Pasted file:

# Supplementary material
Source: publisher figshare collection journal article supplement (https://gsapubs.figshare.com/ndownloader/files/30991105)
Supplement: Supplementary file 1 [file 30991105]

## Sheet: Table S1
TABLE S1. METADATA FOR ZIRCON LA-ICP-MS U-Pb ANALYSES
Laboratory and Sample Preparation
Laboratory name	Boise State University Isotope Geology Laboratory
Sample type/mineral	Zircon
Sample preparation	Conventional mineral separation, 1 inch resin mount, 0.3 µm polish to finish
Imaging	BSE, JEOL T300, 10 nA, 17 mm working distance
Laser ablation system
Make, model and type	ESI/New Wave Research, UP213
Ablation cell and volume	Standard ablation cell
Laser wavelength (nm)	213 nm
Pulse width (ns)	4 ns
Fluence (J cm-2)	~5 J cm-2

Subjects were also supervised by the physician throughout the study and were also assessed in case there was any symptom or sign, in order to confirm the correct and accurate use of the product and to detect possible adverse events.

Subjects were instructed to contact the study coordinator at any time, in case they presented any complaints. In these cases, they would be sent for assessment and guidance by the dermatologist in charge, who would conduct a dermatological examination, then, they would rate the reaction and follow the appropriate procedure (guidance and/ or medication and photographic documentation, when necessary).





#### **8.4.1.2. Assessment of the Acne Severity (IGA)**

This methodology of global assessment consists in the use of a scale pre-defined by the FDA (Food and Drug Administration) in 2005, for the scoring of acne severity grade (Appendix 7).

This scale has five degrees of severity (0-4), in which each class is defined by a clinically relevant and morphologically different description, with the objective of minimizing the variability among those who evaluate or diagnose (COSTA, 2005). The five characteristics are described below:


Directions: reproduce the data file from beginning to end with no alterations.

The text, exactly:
# Supplementary material
Source: publisher figshare collection journal article supplement (https://gsapubs.figshare.com/ndownloader/files/30991105)
Supplement: Supplementary file 1 [file 30991105]

## Sheet: Table S1
TABLE S1. METADATA FOR ZIRCON LA-ICP-MS U-Pb ANALYSES
Laboratory and Sample Preparation
Laboratory name	Boise State University Isotope Geology Laboratory
Sample type/mineral	Zircon
Sample preparation	Conventional mineral separation, 1 inch resin mount, 0.3 µm polish to finish
Imaging	BSE, JEOL T300, 10 nA, 17 mm working distance
Laser ablation system
Make, model and type	ESI/New Wave Research, UP213
Ablation cell and volume	Standard ablation cell
Laser wavelength (nm)	213 nm
Pulse width (ns)	4 ns
Fluence (J cm-2)	~5 J cm-2

Subjects were also supervised by the physician throughout the study and were also assessed in case there was any symptom or sign, in order to confirm the correct and accurate use of the product and to detect possible adverse events.

Subjects were instructed to contact the study coordinator at any time, in case they presented any complaints. In these cases, they would be sent for assessment and guidance by the dermatologist in charge, who would conduct a dermatological examination, then, they would rate the reaction and follow the appropriate procedure (guidance and/ or medication and photographic documentation, when necessary).





#### **8.4.1.2. Assessment of the Acne Severity (IGA)**

This methodology of global assessment consists in the use of a scale pre-defined by the FDA (Food and Drug Administration) in 2005, for the scoring of acne severity grade (Appendix 7).

This scale has five degrees of severity (0-4), in which each class is defined by a clinically relevant and morphologically different description, with the objective of minimizing the variability among those who evaluate or diagnose (COSTA, 2005). The five characteristics are described below: